Who We Are




The Collective for the Renewal Of Africa (CORA) is a a Pan-African intellectual collective was born following the publication of a letter addressed to African leaders on 13 April 2020. The letter called on leaders to consider the global challenge of the coronavirus pandemic crisis as an opportunity to ignite ‘radical change’ and to govern with intelligence and compassion. The letter gave rise to a collective commitment to garner intellectual resources in the development of knowledge that spurs progress. The CORA manifesto written in English, French, and Portuguese, clearly captures this commitment.

It conveys the urgency of a generational responsibility. The responsibility to create an environment where intellectuals can engage in constructive debate in an uninhibited atmosphere, to develop and contribute powerful and transformative ideas about Africa’s future, and to frame the terms of our engagement within the global system.

Intellectuals have historically played a critical role in guiding public action and shaping nations out of words and bold ideas.




To build a Pan-African intellectual collective reflecting the regional, and linguistic diversity of the continent and its diaspora and open to a wide-range of human resources and knowledge practices.


To produce quality research, and recommend results as widely as possible to policy makers, national and regional institutions, international, civil society and media organizations, as well as support their implementation.


To foster a culture of solidarity, constructive exchange and active participation in the service of African societies.


To act as a sentinel with regards to the prevailing situations of the African continent, and its institutions, by making available ideas and expert knowledge in favour of qualitative change in the life of Africans.

Throughout the continent

They talk about us


Research Axes

Africa in the world (dis)order

Key issues of interest:

What political, economic, and socio-cultural order should emerge from renegotiated terms of engagement between Africa and the rest of the world?

How should Africa frame a position that is not strictly wedded to a Western or Chinese vision, but to an alternative, more humanist way?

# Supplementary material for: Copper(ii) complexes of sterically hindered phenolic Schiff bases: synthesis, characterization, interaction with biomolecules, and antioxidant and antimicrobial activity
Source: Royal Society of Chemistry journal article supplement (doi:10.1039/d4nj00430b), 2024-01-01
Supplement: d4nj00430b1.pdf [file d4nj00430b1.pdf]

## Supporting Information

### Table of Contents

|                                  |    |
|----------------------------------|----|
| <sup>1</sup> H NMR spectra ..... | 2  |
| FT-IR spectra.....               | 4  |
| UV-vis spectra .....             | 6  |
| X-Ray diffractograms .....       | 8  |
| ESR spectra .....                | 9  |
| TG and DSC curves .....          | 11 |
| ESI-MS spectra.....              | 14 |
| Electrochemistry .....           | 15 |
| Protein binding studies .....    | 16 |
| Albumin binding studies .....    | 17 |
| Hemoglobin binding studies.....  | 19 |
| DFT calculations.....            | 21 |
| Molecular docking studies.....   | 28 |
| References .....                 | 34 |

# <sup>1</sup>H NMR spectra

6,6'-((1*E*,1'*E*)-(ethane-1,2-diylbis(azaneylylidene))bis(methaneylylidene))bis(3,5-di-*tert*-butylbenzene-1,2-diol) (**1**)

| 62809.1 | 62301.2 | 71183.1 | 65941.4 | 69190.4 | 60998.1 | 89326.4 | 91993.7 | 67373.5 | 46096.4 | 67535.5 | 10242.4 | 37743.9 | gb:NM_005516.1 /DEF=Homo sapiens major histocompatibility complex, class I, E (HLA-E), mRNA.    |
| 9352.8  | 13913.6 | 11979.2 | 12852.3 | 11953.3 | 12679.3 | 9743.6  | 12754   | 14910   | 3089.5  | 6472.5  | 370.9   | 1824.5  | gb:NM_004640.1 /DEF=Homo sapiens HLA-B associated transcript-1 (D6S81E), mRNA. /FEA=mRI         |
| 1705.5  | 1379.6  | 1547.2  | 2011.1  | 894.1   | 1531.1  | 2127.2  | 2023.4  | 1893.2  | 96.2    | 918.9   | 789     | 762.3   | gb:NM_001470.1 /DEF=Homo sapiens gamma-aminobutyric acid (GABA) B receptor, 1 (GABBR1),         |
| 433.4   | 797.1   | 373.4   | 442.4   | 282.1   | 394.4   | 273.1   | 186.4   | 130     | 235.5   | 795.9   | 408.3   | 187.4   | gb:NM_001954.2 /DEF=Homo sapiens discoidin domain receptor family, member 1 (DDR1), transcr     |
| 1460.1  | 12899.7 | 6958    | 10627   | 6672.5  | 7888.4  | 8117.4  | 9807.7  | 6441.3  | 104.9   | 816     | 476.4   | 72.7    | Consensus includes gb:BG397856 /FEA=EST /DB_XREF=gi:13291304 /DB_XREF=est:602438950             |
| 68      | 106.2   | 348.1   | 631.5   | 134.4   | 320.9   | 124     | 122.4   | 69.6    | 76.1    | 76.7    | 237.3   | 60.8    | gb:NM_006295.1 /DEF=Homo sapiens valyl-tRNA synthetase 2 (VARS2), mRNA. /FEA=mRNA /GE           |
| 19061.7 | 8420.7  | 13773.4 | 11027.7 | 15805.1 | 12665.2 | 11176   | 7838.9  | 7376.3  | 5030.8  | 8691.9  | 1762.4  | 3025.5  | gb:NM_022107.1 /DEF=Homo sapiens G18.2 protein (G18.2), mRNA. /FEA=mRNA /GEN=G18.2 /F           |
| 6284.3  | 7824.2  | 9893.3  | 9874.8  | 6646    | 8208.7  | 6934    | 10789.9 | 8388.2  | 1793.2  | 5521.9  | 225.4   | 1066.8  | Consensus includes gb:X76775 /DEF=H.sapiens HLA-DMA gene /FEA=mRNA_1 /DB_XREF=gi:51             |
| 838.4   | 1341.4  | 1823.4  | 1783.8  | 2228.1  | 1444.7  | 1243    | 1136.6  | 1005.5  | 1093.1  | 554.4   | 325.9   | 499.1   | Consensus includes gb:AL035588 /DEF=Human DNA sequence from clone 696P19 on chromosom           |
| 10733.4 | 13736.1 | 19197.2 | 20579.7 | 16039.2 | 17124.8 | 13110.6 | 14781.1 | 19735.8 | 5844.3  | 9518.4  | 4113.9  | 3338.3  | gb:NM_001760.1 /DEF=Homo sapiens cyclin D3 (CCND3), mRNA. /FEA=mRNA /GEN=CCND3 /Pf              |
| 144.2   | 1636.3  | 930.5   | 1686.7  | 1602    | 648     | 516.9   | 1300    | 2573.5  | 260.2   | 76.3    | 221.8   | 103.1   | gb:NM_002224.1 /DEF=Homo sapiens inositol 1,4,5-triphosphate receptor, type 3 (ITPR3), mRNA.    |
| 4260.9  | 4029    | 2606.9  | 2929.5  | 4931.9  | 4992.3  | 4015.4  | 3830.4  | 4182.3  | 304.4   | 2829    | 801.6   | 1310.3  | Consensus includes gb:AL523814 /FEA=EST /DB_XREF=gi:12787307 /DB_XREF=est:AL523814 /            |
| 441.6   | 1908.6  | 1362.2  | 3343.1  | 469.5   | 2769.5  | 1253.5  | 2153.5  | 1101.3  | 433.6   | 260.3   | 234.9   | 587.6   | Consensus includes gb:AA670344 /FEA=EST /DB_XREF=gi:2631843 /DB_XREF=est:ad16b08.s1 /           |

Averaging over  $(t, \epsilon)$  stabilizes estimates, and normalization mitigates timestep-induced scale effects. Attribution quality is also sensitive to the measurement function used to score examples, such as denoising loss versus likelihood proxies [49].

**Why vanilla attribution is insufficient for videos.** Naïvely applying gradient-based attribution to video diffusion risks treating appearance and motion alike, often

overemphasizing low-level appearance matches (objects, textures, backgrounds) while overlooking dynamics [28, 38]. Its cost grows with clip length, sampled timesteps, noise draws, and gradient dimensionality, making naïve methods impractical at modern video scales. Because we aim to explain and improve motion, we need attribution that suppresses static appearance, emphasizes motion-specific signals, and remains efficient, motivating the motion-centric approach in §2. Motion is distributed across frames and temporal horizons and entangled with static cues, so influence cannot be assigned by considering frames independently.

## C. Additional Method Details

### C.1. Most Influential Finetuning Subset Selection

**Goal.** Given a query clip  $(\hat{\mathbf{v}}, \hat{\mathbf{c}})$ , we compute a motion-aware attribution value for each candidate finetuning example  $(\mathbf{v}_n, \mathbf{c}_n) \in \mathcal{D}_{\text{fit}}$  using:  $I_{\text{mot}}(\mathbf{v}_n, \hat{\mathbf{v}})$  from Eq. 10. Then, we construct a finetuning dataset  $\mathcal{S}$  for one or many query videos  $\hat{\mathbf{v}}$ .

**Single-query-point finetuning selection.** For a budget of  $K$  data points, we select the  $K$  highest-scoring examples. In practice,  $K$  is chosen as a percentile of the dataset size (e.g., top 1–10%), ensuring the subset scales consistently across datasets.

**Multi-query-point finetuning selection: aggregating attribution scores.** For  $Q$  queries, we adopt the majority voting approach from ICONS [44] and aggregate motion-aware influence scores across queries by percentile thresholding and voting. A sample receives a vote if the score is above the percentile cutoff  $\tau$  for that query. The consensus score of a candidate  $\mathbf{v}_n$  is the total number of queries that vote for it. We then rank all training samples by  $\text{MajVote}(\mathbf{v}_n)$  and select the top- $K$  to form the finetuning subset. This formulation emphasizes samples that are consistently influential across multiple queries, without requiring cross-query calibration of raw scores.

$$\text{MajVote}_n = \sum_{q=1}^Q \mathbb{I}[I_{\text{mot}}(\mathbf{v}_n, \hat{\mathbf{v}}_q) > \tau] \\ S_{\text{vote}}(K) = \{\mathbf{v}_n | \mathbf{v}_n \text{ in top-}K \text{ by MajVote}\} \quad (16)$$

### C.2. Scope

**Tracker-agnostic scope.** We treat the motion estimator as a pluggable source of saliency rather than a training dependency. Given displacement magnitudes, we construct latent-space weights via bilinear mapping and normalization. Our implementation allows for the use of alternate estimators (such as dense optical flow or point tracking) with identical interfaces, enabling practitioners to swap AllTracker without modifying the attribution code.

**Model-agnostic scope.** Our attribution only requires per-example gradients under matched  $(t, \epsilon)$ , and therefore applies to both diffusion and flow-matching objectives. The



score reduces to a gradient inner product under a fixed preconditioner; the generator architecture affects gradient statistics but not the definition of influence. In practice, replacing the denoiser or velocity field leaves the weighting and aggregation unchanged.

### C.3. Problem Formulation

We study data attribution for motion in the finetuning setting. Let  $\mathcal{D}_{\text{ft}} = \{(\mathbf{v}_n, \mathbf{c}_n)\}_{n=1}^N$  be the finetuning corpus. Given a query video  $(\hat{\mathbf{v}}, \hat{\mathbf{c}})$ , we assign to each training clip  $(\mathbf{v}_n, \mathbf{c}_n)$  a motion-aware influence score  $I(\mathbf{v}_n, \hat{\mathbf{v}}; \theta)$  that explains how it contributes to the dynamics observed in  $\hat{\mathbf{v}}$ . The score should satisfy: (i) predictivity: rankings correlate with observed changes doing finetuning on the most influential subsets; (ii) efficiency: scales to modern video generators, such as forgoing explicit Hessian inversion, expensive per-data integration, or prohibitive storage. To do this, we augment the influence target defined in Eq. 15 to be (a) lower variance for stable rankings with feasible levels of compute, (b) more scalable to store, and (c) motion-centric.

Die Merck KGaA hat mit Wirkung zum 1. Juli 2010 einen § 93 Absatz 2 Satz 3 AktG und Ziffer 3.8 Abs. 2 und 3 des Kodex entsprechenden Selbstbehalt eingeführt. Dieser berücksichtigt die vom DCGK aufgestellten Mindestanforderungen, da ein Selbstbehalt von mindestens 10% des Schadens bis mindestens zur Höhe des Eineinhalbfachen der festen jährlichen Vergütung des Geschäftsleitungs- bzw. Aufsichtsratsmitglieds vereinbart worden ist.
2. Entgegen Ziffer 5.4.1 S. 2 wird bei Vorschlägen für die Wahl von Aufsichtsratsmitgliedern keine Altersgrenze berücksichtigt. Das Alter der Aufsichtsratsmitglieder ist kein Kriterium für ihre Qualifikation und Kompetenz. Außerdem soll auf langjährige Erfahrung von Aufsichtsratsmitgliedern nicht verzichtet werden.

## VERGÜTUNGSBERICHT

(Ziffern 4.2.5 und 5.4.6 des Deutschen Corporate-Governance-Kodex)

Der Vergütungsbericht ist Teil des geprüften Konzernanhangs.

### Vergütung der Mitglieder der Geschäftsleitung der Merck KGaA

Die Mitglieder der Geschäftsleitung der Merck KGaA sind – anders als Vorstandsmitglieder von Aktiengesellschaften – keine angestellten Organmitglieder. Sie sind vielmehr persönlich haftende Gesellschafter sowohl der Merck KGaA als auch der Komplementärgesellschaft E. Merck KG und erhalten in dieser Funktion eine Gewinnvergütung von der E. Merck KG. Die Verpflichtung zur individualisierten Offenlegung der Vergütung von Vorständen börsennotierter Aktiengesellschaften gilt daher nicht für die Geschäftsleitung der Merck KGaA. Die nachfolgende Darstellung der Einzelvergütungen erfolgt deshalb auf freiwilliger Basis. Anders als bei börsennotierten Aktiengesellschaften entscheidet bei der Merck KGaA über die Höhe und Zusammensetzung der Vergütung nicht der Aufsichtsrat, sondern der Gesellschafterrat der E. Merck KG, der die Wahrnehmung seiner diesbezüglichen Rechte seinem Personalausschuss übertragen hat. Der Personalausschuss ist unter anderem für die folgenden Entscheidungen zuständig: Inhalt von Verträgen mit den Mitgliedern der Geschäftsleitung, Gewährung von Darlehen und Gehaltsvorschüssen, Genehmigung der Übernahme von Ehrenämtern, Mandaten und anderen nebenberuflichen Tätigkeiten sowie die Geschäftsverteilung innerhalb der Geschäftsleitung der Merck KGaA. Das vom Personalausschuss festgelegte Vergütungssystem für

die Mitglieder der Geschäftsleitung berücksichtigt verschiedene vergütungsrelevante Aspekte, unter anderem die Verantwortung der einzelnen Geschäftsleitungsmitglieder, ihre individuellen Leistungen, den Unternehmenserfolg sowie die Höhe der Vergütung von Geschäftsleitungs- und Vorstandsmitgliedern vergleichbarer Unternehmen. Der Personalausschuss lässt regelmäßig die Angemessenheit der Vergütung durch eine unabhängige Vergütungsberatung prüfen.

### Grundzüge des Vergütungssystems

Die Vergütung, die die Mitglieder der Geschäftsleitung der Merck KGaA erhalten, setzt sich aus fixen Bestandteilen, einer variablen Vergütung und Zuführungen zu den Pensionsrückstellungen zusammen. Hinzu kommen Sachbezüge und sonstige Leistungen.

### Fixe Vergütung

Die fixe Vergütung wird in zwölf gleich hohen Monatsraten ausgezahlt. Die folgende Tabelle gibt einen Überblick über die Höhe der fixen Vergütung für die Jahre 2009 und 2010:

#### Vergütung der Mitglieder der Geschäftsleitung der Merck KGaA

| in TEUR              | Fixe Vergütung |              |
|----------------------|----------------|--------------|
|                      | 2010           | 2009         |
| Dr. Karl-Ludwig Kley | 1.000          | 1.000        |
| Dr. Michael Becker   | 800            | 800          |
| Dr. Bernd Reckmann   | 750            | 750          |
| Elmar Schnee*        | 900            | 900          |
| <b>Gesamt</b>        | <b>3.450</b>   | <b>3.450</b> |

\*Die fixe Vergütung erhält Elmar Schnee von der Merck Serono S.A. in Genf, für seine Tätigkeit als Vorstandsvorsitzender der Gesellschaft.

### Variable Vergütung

What regimes of solidarity should emerge, from Africa, between members of the Global South?

How can the African Union (AU) be reinvented as a competent, autonomous, and significant diplomatic institution capable of framing a new vision for the global order?

Economic Sovereignty

Key issues of interest:

How can the continent best manage the economic transition we are going through?

What alternative economic model would make it possible to mobilise the continent's resources in order to reduce its multifaceted dependencies and strengthen solidarity among African countries to collectively confront immediate and future challenges?

What conditions will enable Africa to offer the rest of the world another way of organising production and a more equitable distribution of wealth?

Rethinking the State and Citizenship in Africa

Key issues of interest:

What new/alternative principles can inform a reformation of a notion of state and citizenship in Africa?

What place should an exploration of the continent's past occupy in this endeavour?

How to reimagine political legitimacy from a democratic perspective, in a manner that enhances the citizen’s legislative control, and to go beyond the temporality of elections and the ideological confines of liberal democracy?

Arts, Education and Culture

Key issues of interest:

How can we rethink, and get out of the colonial education system and its epistèmê in order to make better use of endogenous knowledge in schools and university curricula?

What place should be given to artistic expression in educational practices?

How can Africa draw on the arts, literature, poetry and other artistic expressions to rethink a sustainable value economy?

What strategies are to be put forward, for the valorisation and dissemination of artistic, cinematographic, literary and scholarly production on the continent?

Science, Technology and Endogenous Knowledge

Key issues of interest:

What actions need to be adopted in order to support the local production of medicines in Africa, particularly for the most basic/common ones, in order to minimise dependence on imports?

What educational systems are needed in order to bring Africa up to date with global developments in artificial intelligence, robotics and digital technologies?

What types of animal and plant production are needed to sustainably feed Africa’s population, which is expected to represent about 40% of humanity by 2100?

What combinations of conventional and alternative energies should be developed in a world facing enormous ecological constraints?

What would be a pan-African strategy to deal with climate change and its foreseeable consequences on a continent that has so far contributed little to global carbon dioxide emissions but has become a dumping ground for the rest of the world?

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